Skip to main content

Faculty Spotlight: Sandra Zalman

A Q&A with author and Program Director of Art History, Sandra Zalman, Ph.D.

Q: Please provide your educational history. 

A: As an undergraduate majoring in Psychology at UC Berkeley, I decided to take an Art History class as an elective. The class was on abstract painting, taught by TJ Clark (who was transformative for the field, though I didn’t know it at the time). The way TJ Clark spoke about art was unlike anything I’d ever encountered and it transfixed me. The next year I applied to Ph.D. programs in Art History and was accepted to USC in Los AngelesI wrote my dissertation overlooking Robert Irwin’s garden at the Getty Research Institute, which is just about the best writing space I could imagine 

Q: What are some fond memories from your journey in the arts? 

A: I love being in the archives hunting for something good. And it’s been wonderful traveling to Spain, Belgium, New York, Washington D.C., Chicago, Los Angeles, Florida, and even Houston (before I lived here) to do so. You don’t always know what you’re looking for, so I appreciate Robert Caro’s advice to “turn every page.” When you find it, it’s worth it!  

Q: Describe one thing that has surprised you during your career in higher education. 

A: Having artists as colleagues has been one of the best surprises – I did both my undergrad and graduate studies at universities where Art and Art History were separate departments. It has been so enriching to think collectively about art with the stellar faculty in the School of Art - artists and art historians. Often this happens during crits, or at a visiting lecture, but also over coffee or cocktails 

Q: What accomplishments in your career do you feel most proud of? 

A: My first book, Consuming Surrealism in American Culture, offered an entirely new perspective of Surrealism in the United States – especially focusing on its rollercoaster reputation as a massively popular avant-garde movement. When I got invited to a scholarly conference in Paris based on my Surrealism research I was really thrilled. I couldn’t believe someone other than my parents had read the book.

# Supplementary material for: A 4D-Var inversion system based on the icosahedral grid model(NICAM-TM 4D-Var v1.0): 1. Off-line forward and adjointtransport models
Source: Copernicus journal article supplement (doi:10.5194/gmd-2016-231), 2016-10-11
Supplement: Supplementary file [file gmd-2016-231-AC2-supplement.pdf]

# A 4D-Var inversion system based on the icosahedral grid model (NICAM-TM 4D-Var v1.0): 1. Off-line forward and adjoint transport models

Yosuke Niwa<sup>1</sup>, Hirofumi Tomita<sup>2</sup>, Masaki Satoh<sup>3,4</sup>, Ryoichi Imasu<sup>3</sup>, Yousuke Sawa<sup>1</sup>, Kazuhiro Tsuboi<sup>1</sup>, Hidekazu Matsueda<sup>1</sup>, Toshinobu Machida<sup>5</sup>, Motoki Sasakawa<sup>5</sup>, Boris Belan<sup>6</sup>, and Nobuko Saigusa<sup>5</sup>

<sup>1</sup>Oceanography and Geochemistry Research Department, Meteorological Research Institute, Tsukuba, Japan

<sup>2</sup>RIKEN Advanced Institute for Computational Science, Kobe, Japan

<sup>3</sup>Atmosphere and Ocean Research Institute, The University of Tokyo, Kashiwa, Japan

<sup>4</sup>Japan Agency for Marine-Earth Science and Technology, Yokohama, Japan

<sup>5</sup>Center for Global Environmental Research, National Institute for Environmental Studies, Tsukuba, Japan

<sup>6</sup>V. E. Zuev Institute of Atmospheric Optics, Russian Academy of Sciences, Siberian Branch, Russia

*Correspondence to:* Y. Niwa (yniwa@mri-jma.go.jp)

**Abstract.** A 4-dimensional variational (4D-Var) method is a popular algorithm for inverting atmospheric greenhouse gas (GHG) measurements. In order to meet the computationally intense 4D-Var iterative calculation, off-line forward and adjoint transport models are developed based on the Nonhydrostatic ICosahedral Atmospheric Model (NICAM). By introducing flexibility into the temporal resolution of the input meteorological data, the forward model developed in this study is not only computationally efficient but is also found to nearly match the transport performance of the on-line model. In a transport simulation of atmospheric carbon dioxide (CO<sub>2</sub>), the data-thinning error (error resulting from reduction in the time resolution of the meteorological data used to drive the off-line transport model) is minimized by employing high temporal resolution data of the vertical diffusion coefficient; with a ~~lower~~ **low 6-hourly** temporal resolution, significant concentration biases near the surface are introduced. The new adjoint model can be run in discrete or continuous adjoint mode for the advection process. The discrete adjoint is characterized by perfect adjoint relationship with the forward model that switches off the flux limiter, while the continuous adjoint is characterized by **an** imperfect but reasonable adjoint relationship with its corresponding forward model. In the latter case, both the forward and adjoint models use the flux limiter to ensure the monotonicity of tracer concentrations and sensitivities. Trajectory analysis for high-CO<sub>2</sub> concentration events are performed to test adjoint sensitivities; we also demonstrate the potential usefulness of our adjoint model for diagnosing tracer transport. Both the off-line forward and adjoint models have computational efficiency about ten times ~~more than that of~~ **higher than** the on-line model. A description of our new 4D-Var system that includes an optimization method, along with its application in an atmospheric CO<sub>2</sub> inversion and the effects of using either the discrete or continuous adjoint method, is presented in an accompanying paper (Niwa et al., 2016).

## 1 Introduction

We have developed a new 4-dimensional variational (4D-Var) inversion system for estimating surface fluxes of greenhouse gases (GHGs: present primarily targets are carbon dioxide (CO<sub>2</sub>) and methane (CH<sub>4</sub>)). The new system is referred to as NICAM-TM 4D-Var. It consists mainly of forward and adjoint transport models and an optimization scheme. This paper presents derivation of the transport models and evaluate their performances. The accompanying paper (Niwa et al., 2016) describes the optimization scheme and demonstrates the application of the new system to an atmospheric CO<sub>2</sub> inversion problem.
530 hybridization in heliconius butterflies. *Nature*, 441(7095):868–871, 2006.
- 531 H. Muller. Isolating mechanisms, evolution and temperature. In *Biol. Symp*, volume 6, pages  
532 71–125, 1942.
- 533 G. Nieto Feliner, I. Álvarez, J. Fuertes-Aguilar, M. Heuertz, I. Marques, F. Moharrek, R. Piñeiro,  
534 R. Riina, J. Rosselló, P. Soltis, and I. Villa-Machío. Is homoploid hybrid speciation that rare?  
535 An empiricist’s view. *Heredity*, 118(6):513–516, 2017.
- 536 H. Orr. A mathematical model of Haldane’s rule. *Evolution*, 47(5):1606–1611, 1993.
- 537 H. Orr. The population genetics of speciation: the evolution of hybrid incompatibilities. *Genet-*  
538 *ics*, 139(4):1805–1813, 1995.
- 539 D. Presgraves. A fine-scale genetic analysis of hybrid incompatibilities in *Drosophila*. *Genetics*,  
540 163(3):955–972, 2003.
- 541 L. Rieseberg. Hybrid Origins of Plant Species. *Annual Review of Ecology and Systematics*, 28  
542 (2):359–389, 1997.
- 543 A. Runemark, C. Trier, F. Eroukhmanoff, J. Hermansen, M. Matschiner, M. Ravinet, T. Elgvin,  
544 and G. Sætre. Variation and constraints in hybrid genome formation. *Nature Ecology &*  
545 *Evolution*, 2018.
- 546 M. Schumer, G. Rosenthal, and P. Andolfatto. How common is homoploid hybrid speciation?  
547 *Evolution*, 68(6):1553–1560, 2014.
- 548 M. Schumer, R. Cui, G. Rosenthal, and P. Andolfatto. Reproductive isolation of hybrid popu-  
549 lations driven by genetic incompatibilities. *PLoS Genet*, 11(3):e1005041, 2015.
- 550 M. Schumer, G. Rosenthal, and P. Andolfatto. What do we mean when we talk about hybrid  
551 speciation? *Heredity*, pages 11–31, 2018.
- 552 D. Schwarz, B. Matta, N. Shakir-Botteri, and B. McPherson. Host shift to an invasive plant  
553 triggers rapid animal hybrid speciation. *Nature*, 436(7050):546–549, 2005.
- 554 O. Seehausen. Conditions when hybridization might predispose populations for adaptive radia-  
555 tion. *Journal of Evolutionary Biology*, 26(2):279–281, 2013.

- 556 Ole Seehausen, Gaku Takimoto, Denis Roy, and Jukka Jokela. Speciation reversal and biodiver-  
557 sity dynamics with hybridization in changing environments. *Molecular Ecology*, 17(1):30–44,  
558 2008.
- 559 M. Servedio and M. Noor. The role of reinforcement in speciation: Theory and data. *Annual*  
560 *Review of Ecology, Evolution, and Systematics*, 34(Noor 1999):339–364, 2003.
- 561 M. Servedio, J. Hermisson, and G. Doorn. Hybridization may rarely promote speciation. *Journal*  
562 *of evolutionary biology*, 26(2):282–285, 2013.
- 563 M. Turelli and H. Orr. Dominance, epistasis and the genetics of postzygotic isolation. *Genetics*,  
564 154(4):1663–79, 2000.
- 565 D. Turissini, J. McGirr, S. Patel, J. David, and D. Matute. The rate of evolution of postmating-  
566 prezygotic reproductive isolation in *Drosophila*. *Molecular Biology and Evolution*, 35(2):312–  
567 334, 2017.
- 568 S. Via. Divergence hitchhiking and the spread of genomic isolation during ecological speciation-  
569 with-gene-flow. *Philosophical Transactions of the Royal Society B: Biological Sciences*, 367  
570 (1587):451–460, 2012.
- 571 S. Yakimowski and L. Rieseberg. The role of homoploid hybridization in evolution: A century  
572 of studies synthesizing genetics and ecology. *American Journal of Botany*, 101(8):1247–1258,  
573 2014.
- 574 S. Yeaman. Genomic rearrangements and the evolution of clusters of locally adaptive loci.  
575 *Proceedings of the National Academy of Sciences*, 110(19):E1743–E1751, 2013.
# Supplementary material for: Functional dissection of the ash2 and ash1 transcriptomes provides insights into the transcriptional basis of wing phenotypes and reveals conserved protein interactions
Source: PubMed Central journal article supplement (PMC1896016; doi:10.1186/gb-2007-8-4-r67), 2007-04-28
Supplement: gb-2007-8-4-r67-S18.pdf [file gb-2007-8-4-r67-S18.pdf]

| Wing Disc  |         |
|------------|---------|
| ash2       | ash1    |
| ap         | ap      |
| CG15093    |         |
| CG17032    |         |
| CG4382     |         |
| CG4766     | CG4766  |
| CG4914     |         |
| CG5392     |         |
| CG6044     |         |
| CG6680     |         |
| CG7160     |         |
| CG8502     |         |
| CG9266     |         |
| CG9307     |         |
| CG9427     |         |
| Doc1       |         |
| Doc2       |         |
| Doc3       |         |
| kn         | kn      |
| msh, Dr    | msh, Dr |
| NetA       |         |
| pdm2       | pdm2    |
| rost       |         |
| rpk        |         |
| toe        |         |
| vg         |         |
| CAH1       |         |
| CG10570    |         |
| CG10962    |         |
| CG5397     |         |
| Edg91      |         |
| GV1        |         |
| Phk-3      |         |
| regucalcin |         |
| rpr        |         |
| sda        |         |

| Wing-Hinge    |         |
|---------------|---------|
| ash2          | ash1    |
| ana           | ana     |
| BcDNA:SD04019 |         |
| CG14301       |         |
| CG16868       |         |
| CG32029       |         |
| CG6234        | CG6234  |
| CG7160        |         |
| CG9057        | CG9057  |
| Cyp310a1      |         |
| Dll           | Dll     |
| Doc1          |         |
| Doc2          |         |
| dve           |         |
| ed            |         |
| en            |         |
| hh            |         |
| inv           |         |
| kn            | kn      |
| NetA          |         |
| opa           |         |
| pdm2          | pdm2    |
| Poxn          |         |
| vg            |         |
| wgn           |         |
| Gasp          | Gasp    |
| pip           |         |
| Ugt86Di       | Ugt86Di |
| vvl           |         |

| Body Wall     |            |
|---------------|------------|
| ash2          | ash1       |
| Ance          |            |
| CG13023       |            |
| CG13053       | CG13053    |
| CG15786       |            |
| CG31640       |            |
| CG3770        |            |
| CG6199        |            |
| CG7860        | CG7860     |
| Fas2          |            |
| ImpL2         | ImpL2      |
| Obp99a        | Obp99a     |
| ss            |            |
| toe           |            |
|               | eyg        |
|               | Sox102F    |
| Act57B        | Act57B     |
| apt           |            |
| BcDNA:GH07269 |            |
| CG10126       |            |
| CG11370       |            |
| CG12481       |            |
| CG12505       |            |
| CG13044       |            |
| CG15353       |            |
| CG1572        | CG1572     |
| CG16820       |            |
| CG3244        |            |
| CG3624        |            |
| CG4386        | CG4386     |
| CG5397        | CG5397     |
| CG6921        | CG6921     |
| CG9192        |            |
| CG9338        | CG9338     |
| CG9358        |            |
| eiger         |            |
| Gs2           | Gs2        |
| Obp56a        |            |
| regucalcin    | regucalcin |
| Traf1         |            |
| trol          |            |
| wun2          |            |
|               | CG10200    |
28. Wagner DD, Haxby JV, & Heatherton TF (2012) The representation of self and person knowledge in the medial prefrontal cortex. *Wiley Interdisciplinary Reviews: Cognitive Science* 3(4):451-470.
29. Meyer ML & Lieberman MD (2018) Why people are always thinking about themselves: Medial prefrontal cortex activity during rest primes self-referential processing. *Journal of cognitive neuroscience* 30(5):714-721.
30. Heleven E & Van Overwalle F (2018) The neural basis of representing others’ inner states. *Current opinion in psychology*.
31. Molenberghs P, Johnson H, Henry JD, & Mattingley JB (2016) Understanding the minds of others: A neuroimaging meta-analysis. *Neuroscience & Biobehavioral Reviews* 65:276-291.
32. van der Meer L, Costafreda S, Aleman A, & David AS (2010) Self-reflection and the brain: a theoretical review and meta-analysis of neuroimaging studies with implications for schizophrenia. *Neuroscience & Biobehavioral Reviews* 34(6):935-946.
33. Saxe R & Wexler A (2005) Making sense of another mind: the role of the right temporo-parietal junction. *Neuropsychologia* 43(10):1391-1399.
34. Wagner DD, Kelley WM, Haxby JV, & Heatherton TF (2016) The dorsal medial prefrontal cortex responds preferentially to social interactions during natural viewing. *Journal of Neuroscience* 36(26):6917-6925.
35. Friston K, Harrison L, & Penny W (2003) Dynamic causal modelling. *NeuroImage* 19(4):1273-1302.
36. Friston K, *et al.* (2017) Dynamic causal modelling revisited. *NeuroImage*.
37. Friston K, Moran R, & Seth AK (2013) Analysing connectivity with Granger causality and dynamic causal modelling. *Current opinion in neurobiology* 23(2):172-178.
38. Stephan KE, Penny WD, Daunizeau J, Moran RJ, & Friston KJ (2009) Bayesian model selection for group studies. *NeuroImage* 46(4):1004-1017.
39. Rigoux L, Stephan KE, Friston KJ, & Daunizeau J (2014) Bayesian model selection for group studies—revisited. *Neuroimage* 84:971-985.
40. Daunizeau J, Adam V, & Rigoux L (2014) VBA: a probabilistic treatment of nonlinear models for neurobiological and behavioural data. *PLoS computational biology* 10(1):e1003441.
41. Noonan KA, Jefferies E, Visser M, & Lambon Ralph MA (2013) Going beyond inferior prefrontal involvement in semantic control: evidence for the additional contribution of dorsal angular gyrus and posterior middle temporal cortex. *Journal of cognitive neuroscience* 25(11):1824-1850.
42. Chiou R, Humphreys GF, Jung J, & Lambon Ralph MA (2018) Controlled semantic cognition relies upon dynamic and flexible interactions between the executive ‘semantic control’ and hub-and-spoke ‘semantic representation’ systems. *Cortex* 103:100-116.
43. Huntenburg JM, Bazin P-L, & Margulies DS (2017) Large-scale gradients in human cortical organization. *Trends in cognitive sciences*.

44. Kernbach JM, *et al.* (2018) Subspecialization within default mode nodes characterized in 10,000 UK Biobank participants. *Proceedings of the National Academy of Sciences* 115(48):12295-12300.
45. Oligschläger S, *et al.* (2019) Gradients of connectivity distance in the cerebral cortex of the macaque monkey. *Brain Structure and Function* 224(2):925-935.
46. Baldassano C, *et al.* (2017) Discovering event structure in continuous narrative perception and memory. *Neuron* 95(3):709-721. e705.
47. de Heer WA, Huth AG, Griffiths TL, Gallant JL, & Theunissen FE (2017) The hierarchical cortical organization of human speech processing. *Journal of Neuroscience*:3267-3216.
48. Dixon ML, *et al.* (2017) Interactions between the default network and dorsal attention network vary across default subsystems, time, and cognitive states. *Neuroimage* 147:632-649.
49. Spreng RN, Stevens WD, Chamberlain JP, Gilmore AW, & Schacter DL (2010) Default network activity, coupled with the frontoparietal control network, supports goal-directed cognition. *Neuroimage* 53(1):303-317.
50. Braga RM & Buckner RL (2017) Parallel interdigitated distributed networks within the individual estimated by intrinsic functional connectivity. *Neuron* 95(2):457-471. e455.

Q: What specific skills or ideas, which you have cultivated in your area of expertise, do you find valuable in your career now?  

A: I’ve been interested in the reception of art for a long time – how audiences engaged with artworks, and how art circulated either in museums, or magazines, world’s fairs or window displays, or any of the myriad places people encounter art. Thinking about how visual work operates in the world constantly opens up fresh avenues of inquiryespecially now as our forms of discourse are increasingly mediated by images thanks to the internet.  

Q: What do you think are the most important attributes of a good instructor? 

A: Being open to new experiences and perspectives. I am constantly learning from my students just as I hope they learn from me.  

Q: What are one or two of your proudest professional accomplishments? 

A: In 2012, I was on the tenure track and expecting my first child. At the time, the University of Houston didn’t offer parental leave. I applied to and was awarded a full-year Fellowship from the American Council of Learned Societies to work on my book. It was a professional honor, but also a personal gift to be able to focus on my research while caring for my baby. 

Q: Has there been any press coverage that you would like to share? If so, list links in your answer with any helpful descriptions. 

A: My co-edited anthology on MoMA’s experimental early years came out in 2020 and I was grateful to the Menil Collection for hosting a talk in conjunction with the book’s publication. The talk is available on the Menil’s Youtube Channel. 

Q: What is coming up for you in the future that we should watch for? 

A: Last year, I was awarded a fellowship from the National Endowment for the Humanities to work on my next book project, which examines modern art museums at mid-century during what I call an ‘architectural arms race.’ This moment is particularly interesting because modern museums, bolstered by aggressive architectural expansionwere at the forefront of a new kind of culture campaign during the Cold War period. My book will chart how modern art museums successfully legitimized modern art by staking out a canonbut one based on claims to universality that paradoxically undermined modern art’s potency as a socio-political tool. Today, as museums acknowledge the need to re-imagine their institutions from the ground up, they are responding to this earlier moment, when the canon was still in flux and the modern art museum’s role as a socio-cultural interlocuter was not yet fully established, expected or accepted.  

Q: What advice would you have for incoming students who are focusing on a career in the arts? 

A: Only one professor during my undergrad told me it would be difficult to find a job as an art historian. She was right and I’m grateful that she didn’t pretend it was easy. That said, we’ve had amazing students at UH get amazing jobs and I am incredibly proud of our alums. It’s a roll of the dice